FDA commissioner delivers a life science innovation pep talk
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Raleigh, N.C. — The opportunities for the life science industry to offer prevention, diagnosis, treatment, and cures for diseases are stronger today than ever before, according to U.S. Food and Drug Administration (FDA) Commissioner Margaret Hamburg, M.D., who opened the CED Life Science Conference in Raleigh.
She urged industry stakeholders to delve deep into science, connect to others, and collectively build for the future. “How we work together now is the engine for the future.”
Recapping a brief history of the U. S. Food and Drug Administration (FDA) and its evolving role in evaluating drugs and focusing on safety, Hamburg shared her excitement about the potential of today’s innovations to help patients.
“It’s difficult to differentiate science from what could be considered science fiction,” she noted while describing new treatments including targeted delivery, radio frequency medical and bionic devices, mitochondrial modifications, and regenerative and stem cell medicine.
“With developments in engineering, the life science industry is increasingly in a position to harness advances to create exciting, tailored treatments for individuals and groups. That’s why the FDA recently created a guide for mobile health-related apps – to ensure the best science is available to support products that make a real difference for patients.
“Innovation isn’t important simply because it creates something new – it’s only important if what it creates makes a meaningful and positive difference in people’s lives.” She said the FDA is in the midst of a critical transformation as overseer of the safety and efficacy of drugs and medical devices.
Two organizations, the Center for Devices and Radiological Health (CDRH) – a branch of the FDA, and the Medical Device Innovation Consortium (MDIC) – a patient-centered public-private partnership, are important players to further positive advances in science and technology by encouraging collaborations and partnerships.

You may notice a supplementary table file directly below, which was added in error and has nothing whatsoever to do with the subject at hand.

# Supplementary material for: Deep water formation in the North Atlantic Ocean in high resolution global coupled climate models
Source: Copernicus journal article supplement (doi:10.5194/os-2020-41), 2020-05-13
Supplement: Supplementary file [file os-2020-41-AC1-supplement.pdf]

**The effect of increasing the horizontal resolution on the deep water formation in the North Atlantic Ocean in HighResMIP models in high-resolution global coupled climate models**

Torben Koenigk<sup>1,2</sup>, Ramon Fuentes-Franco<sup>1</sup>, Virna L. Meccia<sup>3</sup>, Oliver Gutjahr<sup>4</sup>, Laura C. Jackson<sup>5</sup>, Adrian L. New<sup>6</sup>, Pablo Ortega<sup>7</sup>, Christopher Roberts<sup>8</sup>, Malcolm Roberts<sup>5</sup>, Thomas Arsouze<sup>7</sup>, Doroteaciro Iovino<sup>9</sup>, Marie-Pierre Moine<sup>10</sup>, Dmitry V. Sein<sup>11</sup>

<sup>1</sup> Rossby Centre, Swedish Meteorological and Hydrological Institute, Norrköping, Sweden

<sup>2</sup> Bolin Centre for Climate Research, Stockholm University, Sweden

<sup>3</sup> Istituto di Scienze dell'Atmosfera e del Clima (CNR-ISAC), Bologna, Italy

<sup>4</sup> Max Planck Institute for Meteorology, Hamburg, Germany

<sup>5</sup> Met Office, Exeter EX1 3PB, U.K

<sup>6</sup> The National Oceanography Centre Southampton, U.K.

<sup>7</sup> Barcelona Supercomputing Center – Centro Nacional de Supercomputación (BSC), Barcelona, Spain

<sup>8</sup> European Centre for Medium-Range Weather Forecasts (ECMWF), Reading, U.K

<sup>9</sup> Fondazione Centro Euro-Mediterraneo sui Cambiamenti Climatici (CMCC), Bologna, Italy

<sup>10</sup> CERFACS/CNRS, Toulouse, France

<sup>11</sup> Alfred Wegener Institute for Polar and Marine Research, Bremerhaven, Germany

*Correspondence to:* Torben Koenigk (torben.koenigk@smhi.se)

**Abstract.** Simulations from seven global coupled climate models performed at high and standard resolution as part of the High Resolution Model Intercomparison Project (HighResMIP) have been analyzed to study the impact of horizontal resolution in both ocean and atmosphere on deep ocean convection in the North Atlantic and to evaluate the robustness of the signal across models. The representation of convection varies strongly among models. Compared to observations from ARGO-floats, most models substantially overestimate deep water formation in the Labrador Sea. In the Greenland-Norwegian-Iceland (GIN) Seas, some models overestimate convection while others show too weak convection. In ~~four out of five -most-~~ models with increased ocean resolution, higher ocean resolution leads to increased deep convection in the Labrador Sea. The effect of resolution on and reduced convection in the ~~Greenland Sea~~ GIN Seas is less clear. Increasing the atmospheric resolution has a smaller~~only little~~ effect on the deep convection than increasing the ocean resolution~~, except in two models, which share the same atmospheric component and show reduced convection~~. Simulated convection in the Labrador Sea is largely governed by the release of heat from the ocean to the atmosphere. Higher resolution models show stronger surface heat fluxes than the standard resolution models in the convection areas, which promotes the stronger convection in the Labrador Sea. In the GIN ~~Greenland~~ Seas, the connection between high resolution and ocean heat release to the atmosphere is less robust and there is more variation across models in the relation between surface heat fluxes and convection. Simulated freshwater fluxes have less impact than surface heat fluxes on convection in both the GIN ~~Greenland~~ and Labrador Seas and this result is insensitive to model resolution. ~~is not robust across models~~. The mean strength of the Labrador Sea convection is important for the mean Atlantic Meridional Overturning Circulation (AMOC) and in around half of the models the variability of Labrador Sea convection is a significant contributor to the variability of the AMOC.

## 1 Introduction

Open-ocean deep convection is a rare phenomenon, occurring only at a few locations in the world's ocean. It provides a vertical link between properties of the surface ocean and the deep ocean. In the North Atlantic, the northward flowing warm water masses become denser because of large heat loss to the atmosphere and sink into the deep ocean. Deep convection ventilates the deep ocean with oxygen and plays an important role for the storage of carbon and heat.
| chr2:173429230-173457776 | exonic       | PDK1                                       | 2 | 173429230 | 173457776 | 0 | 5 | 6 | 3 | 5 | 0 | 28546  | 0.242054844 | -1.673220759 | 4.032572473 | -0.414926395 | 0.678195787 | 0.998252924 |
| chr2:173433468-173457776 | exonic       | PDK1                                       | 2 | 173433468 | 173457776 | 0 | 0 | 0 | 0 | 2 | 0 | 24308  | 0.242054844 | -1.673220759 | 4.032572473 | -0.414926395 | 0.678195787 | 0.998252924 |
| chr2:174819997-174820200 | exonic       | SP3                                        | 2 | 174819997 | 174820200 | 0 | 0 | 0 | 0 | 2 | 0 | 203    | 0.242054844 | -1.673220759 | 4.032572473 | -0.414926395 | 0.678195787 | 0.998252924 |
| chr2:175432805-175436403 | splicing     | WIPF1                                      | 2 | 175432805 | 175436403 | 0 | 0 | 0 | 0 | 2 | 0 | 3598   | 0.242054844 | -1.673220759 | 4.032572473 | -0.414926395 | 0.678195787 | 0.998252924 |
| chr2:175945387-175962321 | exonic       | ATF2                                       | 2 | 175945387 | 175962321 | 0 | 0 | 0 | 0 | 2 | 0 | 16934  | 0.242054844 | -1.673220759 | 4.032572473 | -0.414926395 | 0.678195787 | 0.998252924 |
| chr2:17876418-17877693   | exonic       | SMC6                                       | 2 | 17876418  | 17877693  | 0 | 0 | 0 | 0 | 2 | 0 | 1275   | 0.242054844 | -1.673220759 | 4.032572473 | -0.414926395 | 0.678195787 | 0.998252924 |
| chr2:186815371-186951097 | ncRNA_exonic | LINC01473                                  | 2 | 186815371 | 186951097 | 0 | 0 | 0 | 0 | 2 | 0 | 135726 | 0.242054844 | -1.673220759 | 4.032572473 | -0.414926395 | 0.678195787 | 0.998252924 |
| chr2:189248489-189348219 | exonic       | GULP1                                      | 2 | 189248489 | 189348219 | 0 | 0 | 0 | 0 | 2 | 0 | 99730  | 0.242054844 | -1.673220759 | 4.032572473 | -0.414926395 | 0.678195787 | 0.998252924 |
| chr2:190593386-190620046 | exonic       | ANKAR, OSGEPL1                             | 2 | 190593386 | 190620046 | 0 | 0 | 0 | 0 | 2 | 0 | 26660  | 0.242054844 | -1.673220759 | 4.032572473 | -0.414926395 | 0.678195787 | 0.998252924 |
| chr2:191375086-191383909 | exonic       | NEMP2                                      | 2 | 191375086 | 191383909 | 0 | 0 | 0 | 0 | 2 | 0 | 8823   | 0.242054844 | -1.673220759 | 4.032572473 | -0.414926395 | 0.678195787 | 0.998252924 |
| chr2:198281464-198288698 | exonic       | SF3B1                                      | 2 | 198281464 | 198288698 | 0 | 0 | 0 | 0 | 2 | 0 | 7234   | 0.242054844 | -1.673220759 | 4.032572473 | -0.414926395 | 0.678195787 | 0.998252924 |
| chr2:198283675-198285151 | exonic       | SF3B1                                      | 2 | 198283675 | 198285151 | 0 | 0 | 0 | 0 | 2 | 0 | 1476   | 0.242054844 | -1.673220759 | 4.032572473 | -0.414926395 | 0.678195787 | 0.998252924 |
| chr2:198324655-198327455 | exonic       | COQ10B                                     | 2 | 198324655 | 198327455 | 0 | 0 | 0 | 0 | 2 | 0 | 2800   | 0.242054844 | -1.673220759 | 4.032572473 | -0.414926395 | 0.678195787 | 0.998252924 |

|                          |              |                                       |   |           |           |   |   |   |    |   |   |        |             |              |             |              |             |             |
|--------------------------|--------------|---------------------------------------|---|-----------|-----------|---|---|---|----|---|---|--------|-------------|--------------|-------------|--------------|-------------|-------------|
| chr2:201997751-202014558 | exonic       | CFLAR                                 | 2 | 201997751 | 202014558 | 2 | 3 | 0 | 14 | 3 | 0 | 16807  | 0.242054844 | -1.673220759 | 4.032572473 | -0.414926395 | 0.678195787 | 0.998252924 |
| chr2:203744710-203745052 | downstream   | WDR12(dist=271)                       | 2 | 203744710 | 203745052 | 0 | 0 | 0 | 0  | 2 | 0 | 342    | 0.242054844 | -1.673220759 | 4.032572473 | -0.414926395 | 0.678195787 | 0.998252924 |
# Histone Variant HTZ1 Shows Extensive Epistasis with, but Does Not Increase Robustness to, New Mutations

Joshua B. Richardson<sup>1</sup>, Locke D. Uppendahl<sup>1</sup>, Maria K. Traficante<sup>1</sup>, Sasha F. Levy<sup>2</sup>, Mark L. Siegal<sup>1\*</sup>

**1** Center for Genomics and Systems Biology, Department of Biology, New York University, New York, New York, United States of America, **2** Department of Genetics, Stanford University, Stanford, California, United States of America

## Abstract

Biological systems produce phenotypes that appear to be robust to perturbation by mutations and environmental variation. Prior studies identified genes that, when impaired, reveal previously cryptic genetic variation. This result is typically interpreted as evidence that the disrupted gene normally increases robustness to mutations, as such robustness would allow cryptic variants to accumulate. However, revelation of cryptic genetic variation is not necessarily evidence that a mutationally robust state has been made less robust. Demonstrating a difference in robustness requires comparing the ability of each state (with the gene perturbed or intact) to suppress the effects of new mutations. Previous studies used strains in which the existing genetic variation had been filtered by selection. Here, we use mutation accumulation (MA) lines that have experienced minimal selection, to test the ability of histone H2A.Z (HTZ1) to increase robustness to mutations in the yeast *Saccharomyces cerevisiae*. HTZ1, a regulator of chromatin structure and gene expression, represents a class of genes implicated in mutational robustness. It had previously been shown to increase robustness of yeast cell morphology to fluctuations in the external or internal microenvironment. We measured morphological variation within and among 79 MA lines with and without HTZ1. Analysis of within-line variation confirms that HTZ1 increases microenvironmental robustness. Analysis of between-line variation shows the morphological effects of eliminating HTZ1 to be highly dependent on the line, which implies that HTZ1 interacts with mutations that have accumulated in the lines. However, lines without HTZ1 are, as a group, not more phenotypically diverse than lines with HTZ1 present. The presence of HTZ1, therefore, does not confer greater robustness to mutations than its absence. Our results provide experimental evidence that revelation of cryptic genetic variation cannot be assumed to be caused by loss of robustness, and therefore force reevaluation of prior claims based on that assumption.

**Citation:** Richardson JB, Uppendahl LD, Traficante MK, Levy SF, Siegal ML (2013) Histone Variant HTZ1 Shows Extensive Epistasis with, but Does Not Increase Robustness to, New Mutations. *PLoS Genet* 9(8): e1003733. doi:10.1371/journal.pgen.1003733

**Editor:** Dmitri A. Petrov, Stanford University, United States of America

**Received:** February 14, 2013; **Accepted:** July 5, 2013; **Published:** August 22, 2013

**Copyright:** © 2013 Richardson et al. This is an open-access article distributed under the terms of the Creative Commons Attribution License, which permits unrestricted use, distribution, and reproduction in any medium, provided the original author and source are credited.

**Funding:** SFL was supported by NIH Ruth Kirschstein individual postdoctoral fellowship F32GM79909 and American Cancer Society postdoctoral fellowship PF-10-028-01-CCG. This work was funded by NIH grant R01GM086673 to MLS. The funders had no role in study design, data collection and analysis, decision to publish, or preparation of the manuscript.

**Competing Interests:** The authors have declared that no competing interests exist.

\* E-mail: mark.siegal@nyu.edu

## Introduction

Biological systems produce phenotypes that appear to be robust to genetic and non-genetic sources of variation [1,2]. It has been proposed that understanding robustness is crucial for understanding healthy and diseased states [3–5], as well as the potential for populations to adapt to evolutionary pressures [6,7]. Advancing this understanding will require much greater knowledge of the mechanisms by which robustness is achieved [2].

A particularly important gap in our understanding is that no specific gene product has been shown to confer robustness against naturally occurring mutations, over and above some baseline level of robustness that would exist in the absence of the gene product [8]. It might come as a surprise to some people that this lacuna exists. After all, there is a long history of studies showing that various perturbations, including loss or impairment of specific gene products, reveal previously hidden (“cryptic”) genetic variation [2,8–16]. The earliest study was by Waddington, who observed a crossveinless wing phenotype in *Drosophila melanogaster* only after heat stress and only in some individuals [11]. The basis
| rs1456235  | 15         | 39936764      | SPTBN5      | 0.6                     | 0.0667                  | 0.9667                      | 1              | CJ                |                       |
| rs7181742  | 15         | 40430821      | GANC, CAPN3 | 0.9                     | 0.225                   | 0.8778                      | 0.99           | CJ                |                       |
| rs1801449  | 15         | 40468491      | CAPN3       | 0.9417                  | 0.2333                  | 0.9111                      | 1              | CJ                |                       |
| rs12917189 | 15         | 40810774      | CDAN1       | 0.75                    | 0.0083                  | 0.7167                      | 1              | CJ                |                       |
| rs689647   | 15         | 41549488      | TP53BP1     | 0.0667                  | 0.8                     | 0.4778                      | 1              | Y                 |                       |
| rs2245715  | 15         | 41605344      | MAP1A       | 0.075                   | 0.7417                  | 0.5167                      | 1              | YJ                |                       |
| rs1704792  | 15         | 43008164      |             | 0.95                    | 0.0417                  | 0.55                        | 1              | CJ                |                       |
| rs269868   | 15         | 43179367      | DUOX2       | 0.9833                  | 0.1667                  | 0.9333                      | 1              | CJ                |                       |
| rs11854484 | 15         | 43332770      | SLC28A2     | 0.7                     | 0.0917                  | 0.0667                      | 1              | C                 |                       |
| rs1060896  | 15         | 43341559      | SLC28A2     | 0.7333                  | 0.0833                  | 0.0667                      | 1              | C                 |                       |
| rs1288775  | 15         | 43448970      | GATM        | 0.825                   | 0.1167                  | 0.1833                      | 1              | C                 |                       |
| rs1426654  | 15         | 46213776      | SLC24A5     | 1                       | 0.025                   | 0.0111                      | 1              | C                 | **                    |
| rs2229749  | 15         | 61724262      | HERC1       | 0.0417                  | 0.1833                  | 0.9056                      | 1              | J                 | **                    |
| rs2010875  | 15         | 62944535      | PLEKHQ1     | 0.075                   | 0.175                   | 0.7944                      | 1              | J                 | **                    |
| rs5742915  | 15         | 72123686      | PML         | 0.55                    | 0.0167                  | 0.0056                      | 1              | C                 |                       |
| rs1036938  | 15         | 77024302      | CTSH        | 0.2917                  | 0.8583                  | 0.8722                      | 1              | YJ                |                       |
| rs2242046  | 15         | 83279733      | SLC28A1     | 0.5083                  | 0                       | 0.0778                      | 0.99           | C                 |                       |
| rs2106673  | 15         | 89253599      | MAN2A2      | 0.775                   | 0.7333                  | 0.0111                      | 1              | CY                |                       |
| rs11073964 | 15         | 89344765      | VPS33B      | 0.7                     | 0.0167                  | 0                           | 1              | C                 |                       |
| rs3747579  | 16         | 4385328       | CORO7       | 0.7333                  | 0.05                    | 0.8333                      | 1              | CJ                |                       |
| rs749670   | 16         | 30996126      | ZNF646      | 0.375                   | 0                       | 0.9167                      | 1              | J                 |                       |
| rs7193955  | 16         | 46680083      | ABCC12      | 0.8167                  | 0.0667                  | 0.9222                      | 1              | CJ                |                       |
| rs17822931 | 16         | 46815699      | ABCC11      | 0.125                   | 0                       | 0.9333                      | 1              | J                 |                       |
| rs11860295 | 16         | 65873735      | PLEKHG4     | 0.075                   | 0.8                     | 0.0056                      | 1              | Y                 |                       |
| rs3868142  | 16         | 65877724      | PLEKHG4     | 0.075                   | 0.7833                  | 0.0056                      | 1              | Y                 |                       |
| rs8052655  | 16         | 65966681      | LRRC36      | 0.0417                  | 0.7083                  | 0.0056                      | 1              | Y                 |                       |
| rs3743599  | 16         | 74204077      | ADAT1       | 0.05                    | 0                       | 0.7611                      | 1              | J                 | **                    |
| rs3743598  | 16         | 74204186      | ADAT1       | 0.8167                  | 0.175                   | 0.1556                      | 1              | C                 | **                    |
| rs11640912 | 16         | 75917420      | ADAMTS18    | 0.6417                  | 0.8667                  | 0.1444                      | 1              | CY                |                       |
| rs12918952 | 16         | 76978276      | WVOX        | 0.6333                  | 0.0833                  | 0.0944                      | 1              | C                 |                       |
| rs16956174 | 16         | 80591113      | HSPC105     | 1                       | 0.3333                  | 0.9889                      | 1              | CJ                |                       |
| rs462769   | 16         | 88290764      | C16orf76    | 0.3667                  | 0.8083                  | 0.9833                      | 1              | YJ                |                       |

“The FDA works closely with many stakeholders. We all play a role as we strive to create ways to promote public health and develop expedited processes,” Hamburg said.
“Some criticize the FDA for moving too quickly,” she noted, referring to the accelerated FDA approvals: Fast Track, Priority Review, and Breakthrough Therapy designation. “We’re balancing the eagerness to address patients with the most urgent needs with the risks and benefits.
“The U.S. is the global focal point of life sciences,” according to Hamburg, who recently visited India to further strengthen cooperation between the FDA and its Indian regulatory counterparts. “We have the most dynamic biotech, biomedical and pharmaceutical industries doing state-of-the-art work. Success is unprecedented with these kinds of partnerships. Great minds can take action in new ways, together.”
Hamburg commended North Carolina for its outstanding research institutions, innovation, and commitment to understanding and meeting the unmet needs of patients’ healthcare needs. “We’re looking to the best thinkers to solve global problems locally, by collaborating.
“No one can whistle a symphony. We’re making beautiful music that can save lives. We know it can be done, and there’s so much that still needs to be done. I’m eager to work with you and urge you all to continue collaborating.”
[The two-day conference ended Thursday.]
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